The significance of the fresh water springs

Visiting whalers and sealers would have continued to use the water source during the 19th Century as it was available at any time of the day or night, all year round and free of charge. The early seafarers collected the fresh water from the stream as it entered the beach. It is thought that the first dam was constructed in the 1850s – amounting to little more than a excavation on the side of the escarpment immediately below the emergence of the spring.

Demand for fresh water was growing. The Peninsular & Orient Company (P & O) won the sea-mail contract across southern Australia.



The P & O dam in the 1890s


In order to supply the water requirements of their fleet, P & O built a dam at Vancouver Spring to form a reservoir with a reliable and sustainable supply from which lighters would fill up and take water to their steamers. The water from Vancouver’s Spring was preferred because of its purity. They could not risk using water with mineral contaminants that would corrode the boilers.

From about 1890 to 1902, Albany’s water supply was insufficient to meet shipping demands. As a result, in 1902 Armstrong and Sons acquired a lease for the section of Frenchman bay containing the old P & O Dam. They refurbished the dam and constructed a jetty at the beach. Water was pumped from the dam through a pipeline that ran to the end of the 200-foot jetty seen in the photo below.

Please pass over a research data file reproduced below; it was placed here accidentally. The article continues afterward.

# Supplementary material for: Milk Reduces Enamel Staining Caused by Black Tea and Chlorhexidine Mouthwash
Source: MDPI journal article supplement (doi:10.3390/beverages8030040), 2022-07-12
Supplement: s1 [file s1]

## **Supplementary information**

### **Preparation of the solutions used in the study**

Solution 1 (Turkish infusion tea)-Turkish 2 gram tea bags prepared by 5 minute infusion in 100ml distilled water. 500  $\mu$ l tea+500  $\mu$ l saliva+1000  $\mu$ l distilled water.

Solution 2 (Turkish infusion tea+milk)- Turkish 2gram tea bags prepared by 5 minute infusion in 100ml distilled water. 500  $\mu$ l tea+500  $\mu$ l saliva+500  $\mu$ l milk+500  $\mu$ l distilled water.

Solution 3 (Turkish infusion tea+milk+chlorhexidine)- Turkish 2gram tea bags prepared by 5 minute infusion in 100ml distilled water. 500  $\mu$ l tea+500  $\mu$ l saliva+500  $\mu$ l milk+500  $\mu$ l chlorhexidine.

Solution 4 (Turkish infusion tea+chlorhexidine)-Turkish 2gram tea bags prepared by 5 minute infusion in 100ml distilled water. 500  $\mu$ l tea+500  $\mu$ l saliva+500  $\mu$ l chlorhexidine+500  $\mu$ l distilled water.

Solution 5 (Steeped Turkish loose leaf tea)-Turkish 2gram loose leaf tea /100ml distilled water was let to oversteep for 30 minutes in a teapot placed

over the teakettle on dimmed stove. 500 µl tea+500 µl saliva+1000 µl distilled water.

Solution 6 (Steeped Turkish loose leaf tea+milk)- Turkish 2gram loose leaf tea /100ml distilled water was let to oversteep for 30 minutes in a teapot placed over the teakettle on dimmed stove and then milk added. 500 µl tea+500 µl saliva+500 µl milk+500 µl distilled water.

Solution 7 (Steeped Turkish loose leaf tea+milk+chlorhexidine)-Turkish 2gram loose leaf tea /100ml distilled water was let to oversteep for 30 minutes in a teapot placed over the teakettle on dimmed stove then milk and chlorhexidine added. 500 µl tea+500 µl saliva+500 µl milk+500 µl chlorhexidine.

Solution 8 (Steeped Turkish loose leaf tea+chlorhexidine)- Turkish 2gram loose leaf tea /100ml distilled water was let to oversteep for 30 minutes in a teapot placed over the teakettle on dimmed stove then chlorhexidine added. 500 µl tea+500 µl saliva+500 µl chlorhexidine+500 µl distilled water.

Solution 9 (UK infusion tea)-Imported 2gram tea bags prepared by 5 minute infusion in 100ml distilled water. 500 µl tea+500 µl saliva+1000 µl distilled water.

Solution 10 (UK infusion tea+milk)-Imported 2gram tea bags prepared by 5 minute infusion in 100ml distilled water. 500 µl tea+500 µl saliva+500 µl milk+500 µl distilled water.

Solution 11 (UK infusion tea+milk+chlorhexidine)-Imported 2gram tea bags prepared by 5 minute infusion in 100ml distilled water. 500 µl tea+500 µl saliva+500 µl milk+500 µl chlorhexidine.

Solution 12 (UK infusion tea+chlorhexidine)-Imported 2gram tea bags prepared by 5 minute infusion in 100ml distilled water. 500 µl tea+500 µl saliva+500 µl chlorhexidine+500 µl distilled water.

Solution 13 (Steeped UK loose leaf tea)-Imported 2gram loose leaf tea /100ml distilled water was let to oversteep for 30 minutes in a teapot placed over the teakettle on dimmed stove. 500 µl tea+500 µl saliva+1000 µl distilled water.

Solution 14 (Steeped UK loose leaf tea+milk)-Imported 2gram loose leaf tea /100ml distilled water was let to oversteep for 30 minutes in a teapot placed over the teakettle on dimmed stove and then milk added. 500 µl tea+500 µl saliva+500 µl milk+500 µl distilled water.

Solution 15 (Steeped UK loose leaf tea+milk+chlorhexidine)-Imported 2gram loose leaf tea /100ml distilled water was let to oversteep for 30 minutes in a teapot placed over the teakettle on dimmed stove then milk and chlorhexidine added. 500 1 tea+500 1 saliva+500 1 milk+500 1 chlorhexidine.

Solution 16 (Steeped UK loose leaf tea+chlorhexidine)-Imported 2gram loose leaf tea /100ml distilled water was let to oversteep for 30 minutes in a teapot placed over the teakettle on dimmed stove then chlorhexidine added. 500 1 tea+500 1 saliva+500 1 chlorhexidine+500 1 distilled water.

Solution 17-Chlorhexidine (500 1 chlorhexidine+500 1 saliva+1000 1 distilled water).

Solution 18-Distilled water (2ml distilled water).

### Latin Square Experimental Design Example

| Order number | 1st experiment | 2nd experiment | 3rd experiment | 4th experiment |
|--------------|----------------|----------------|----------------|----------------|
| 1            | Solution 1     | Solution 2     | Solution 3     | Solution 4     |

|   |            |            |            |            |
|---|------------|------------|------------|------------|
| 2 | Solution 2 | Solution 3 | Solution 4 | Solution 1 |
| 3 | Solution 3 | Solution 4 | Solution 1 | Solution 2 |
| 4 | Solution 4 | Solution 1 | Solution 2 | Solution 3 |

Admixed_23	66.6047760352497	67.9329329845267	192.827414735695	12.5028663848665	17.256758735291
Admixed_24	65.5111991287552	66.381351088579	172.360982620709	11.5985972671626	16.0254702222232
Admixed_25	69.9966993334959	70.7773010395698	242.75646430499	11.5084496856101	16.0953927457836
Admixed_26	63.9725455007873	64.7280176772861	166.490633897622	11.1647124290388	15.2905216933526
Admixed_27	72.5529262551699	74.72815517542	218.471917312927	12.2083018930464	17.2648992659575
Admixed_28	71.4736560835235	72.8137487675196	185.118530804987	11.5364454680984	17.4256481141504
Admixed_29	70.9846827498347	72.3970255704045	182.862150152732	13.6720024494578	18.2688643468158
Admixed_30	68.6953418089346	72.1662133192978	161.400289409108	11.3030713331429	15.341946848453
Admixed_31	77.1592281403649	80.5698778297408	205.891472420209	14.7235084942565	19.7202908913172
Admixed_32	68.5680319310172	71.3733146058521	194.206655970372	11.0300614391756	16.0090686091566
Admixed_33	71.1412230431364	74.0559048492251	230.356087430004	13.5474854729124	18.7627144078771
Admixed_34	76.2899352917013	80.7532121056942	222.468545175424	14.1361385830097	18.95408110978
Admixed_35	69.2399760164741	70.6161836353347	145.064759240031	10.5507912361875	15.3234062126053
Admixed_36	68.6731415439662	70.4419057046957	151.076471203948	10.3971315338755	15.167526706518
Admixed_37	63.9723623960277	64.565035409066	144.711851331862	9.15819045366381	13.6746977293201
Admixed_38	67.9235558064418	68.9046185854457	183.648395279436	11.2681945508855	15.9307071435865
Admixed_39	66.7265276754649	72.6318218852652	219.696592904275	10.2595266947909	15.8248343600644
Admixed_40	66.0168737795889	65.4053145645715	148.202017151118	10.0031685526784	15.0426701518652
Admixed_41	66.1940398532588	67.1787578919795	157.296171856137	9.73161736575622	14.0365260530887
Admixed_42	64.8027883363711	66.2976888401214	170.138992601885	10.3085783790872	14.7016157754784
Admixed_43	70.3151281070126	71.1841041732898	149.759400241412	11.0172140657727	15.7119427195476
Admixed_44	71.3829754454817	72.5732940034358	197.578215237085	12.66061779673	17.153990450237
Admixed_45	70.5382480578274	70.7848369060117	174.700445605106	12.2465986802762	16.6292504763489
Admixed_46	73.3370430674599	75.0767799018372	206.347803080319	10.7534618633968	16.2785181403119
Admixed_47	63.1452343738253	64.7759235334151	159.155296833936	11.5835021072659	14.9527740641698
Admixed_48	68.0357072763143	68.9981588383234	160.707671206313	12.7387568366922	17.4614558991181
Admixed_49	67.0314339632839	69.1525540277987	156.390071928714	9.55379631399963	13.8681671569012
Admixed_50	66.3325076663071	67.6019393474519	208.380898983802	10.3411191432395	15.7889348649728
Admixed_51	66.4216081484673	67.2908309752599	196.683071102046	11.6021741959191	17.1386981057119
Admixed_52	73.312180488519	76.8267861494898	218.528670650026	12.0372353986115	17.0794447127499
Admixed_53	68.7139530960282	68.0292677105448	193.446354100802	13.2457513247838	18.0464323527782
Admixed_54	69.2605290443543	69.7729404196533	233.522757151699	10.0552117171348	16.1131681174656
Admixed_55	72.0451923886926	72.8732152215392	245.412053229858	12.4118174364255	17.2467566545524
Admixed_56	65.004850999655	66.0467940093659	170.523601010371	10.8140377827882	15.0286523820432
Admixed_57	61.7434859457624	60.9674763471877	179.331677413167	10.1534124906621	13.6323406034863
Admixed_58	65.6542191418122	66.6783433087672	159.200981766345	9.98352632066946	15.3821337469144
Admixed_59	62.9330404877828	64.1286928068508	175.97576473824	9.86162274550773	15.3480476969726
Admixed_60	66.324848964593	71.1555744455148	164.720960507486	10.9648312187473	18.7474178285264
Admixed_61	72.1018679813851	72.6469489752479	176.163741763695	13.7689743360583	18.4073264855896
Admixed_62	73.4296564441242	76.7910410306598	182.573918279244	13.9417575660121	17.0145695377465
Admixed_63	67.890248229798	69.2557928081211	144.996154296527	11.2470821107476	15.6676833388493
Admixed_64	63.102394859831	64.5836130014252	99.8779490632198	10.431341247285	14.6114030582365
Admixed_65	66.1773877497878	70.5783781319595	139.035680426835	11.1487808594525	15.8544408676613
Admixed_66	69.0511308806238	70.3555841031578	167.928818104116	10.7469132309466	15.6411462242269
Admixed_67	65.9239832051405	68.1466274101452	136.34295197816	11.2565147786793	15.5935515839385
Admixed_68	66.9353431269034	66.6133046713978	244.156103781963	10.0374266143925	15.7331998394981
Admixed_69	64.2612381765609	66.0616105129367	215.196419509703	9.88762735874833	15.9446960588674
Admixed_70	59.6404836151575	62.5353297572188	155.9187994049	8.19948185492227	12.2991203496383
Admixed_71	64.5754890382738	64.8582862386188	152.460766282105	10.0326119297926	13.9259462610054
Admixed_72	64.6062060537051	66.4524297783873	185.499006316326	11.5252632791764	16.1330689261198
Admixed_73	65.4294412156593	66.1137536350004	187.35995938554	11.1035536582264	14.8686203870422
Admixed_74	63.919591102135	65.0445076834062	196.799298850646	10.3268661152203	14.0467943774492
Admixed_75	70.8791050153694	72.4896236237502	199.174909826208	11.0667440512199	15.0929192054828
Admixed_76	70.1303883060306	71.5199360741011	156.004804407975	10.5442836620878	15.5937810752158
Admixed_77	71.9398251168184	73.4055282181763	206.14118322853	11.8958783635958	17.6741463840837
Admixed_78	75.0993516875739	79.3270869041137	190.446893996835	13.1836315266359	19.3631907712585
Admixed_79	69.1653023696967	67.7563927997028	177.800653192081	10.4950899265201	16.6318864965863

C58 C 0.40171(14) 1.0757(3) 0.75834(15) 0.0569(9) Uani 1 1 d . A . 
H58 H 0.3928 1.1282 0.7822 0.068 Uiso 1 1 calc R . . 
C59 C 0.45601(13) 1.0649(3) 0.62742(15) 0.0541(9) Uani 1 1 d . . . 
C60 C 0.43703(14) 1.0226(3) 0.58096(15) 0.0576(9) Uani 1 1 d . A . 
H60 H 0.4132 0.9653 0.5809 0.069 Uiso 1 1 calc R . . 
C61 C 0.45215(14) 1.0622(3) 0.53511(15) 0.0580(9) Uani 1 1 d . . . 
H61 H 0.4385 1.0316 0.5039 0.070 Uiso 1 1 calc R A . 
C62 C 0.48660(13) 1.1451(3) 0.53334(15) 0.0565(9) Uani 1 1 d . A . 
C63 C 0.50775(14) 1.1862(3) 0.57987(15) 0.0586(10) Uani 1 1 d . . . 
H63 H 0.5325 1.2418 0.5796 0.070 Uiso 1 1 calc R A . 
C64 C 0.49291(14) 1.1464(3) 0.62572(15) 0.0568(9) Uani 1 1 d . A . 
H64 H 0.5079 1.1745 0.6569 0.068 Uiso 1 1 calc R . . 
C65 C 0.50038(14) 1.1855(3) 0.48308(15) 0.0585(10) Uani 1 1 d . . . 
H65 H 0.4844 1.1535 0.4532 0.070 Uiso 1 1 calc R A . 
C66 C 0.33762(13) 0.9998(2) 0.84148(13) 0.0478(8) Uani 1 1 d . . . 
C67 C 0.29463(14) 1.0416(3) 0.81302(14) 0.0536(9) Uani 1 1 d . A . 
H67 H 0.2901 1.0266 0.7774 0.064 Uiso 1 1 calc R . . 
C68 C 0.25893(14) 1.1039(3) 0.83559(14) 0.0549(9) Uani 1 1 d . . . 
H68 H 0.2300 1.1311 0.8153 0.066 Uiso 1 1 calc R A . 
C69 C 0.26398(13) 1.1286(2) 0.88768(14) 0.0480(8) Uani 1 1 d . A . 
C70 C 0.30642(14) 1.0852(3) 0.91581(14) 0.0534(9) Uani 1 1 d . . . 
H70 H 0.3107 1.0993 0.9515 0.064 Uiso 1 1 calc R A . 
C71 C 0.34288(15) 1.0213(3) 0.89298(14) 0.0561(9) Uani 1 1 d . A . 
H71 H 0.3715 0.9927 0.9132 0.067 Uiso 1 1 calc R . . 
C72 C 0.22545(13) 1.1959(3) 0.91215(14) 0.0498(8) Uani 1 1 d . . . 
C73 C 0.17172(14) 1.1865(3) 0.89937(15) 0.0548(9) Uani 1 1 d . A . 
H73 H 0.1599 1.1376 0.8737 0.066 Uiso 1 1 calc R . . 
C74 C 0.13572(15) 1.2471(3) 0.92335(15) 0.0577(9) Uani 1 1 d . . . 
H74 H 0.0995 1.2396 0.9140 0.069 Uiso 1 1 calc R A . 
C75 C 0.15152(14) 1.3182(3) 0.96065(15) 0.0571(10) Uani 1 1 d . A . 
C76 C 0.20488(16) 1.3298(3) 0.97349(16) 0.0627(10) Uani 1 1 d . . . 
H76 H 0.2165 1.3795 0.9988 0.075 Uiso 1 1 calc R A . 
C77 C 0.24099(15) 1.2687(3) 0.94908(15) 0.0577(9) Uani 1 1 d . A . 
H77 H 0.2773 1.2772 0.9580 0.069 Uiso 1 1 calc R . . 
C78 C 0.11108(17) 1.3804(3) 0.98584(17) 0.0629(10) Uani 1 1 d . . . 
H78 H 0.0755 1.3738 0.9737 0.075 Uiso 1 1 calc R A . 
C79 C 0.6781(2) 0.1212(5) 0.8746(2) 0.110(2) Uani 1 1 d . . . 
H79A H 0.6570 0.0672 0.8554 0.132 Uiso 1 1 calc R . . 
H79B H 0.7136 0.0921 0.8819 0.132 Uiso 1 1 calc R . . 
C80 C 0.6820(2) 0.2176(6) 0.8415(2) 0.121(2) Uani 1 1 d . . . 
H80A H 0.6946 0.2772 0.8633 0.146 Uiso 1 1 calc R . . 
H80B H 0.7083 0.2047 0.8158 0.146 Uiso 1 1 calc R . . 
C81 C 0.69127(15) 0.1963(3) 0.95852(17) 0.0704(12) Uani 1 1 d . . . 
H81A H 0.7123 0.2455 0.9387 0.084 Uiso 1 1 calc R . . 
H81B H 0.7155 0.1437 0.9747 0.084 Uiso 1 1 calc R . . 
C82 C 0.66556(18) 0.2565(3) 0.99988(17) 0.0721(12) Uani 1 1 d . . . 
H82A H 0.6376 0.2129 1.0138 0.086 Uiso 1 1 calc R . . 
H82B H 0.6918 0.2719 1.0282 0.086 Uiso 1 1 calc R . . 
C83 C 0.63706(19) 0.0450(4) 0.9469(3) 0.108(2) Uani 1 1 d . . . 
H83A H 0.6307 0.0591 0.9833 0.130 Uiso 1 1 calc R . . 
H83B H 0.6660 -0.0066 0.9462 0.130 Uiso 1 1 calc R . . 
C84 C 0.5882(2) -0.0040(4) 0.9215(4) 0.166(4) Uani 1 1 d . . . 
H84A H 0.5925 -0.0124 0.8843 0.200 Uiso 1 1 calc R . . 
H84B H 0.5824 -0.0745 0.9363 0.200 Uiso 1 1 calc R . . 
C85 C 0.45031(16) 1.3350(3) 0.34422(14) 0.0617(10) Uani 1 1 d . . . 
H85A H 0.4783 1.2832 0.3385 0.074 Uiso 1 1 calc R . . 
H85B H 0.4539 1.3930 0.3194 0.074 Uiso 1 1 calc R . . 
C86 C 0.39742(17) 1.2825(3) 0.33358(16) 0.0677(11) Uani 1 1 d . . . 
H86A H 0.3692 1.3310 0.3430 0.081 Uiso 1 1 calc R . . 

Armstrong was contracted to supply water from Vancouver Dam to the Town of Albany and various types of shipping (including Boer War transports) until about 1912. By 1914, Albany’s water supply had improved and the Frenchman Bay supply was only occasionally required for shipping purposes.

The jetty and pipeline to water lighter circa 1902 Although the Norwegians dug two wells they also used Vancouver Dam for both a potable and process water supply – by installing a pipeline along the beach from the dam to various areas of the whaling station.

From the 1920s to the 1980s, various tearooms; chalets; and caravan parks were established above Whalers Beach and used the Vancouver Dam reservoir as a water supply until a bore was drilled above the beach in the late 1980s. Even when the mains water supply from Albany reached the Goode Beach area in 1983, people still collected water from Vancouver Spring for various domestic purposes (including tea making), because of the purity  of the water compared to the scheme water!